There’s a discussion on a mailing list about a partially committed-to project: there aren’t enough people on the project, the people don’t have the time to do the work because they are interrupted all the time by support of previously released applications. The only people available are part-time people who are not available when the rest of the team is available.
Management has not committed to the project, nor to the team. In a spirit of generosity, let’s assume management is running too fast to think. If you have management like this, see if you can get them to sit still to remember their math. When a project is fully committed-to, each person on the project can supply an entire person’s worth of effort to the project. If you have 8 people, that’s 8 people’s worth of effort. But if you have 8 people, and each can supply only a half a person, you can get a maximum of 4 people’s effort minus the context switching cost. Adding more people who are only part time increases the number of communication paths (which decreases what any given person can do because of the time needed for communication) and decreases the total number of people available, because each person does more context switching.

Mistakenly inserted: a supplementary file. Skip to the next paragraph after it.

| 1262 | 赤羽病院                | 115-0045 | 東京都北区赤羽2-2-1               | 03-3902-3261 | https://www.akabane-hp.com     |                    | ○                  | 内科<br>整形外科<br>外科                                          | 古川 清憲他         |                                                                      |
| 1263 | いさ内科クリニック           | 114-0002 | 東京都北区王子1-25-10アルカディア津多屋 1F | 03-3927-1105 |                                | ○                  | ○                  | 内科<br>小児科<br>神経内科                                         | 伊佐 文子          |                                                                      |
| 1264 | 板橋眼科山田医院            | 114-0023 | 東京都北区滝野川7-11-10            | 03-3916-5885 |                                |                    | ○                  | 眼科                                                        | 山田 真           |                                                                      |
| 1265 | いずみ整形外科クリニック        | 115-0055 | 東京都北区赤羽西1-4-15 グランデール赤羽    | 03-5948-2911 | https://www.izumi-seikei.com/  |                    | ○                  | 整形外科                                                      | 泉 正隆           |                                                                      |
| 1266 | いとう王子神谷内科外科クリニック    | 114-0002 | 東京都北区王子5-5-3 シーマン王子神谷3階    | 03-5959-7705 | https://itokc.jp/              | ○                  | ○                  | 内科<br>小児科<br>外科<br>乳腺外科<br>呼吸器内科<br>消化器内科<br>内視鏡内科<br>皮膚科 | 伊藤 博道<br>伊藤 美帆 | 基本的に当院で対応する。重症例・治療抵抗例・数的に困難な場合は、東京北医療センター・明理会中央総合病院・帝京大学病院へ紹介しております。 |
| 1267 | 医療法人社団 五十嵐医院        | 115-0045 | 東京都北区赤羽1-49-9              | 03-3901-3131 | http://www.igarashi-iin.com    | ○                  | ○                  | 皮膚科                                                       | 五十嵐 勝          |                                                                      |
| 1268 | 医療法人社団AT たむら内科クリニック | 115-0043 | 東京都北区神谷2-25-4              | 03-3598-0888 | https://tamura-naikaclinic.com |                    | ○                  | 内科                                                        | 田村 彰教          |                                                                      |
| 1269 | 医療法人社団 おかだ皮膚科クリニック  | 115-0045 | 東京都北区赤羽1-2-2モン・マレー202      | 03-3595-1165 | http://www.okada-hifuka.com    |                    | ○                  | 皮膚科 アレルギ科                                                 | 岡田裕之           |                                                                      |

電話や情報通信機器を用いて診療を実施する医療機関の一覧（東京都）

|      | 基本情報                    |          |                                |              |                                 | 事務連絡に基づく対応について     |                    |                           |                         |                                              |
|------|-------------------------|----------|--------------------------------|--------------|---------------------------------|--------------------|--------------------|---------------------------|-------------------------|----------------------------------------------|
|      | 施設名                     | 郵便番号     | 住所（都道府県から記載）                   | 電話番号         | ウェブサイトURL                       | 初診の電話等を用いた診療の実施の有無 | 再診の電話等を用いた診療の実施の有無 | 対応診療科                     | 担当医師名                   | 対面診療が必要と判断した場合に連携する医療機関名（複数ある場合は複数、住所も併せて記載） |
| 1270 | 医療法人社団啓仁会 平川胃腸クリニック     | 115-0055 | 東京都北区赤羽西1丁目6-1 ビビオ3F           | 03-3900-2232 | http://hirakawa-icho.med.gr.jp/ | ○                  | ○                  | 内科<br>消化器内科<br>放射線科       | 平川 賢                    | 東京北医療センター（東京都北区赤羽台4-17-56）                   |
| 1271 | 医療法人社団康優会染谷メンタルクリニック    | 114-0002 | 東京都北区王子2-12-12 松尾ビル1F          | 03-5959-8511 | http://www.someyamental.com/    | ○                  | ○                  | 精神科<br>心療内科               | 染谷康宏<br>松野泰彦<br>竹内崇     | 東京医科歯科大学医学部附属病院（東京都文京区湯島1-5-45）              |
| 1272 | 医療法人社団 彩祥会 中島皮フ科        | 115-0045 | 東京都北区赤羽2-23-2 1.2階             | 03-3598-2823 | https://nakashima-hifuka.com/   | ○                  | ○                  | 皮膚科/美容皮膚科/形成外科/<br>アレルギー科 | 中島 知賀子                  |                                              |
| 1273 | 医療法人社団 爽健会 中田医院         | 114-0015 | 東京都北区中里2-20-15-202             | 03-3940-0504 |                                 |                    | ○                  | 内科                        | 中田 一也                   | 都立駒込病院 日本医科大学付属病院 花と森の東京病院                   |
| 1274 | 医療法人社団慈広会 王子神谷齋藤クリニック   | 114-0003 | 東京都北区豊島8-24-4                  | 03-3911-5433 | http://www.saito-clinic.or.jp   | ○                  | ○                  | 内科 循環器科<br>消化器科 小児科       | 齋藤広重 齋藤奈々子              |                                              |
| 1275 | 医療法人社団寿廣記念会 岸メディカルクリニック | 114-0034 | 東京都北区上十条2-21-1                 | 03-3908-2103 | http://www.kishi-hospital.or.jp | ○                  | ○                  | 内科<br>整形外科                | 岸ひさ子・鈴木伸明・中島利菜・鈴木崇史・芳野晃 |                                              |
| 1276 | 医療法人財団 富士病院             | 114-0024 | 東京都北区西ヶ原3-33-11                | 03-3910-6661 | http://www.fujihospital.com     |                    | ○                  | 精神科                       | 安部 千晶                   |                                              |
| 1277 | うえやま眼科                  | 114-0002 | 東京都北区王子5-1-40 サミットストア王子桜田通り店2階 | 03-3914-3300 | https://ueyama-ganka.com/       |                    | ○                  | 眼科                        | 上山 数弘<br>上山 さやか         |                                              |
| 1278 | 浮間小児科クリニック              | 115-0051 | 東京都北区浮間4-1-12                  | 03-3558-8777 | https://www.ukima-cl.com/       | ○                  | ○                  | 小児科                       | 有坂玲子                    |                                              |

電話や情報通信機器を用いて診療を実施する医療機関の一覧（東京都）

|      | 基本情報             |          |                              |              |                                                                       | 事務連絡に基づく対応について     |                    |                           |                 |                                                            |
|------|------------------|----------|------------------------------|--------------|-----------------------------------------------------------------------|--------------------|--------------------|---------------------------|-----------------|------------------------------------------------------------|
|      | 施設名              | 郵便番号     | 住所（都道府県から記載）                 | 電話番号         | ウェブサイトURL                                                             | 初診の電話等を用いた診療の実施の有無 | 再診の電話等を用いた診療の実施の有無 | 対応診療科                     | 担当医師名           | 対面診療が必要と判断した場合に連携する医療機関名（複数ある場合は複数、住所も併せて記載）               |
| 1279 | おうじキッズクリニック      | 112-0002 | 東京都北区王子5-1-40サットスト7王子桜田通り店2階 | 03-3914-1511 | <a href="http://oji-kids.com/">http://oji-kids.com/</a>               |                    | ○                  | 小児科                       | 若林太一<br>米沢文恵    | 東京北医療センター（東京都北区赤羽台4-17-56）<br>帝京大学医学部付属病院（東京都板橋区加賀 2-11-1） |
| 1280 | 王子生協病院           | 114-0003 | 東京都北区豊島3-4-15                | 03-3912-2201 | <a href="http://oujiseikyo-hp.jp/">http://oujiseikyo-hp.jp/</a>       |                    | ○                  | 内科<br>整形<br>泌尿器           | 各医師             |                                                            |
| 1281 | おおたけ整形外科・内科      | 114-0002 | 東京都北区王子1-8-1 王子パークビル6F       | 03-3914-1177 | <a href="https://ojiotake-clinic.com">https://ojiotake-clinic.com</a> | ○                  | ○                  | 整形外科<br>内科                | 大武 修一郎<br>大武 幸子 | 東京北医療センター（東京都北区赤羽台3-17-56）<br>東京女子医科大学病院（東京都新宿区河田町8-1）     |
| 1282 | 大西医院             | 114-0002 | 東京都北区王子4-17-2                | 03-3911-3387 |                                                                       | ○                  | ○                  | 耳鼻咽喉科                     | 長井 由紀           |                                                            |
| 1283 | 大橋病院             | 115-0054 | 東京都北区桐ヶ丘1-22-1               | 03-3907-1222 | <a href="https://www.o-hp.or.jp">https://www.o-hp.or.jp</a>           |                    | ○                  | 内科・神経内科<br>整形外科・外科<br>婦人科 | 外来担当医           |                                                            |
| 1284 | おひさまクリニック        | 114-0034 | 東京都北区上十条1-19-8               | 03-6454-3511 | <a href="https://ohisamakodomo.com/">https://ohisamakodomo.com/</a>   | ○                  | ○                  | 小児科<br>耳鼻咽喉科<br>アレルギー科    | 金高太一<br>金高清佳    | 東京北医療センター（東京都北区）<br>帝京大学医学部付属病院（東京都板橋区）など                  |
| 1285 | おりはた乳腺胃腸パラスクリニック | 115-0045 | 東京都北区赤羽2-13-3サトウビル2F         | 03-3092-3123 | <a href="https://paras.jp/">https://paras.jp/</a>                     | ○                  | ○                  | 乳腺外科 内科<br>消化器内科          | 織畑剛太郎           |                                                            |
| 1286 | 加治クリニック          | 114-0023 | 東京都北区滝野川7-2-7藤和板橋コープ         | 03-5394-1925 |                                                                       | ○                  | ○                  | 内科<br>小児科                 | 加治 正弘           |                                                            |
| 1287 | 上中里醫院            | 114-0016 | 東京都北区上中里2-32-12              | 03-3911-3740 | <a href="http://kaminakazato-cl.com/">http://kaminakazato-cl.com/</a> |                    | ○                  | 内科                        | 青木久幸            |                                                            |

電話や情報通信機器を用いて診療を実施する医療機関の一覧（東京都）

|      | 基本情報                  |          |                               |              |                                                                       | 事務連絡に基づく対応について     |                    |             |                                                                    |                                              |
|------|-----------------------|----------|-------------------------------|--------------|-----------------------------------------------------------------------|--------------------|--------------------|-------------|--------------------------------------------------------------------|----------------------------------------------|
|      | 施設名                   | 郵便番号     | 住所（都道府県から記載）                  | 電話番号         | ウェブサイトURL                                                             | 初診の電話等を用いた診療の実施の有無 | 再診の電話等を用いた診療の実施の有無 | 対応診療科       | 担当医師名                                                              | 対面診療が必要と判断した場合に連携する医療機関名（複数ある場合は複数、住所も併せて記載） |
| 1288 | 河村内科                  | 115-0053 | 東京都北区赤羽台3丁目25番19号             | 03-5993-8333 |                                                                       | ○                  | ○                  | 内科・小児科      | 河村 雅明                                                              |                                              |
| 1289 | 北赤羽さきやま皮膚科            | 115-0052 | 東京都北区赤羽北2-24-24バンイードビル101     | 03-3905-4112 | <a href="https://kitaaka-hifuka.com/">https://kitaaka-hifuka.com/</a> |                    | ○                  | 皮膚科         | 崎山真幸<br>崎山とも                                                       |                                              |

Partially-committed projects are not projects you can predict anything about. Yes, they have people assigned to them. Yes, they even make some progress. But how can you predict anything about the project? You can’t use velocity, you can’t use the rate at which anything has been done, because you can’t tell if that rate can be repeated in the future. You can’t use an informal way to count features or phases, because your past project behavior is not predictive of future behavior.
If you want more predictable projects, the management team or some other leadership body must make decisions about whether to commit to a project or not. That’s what the project portfolio is all about. Without a portfolio, you have unpredictable projects. With a portfolio, you have a chance of predictability.
But what’s worse is the implicit message management says to the team. “This project is not important enough for us to commit to. But we want you to.” Not a good message.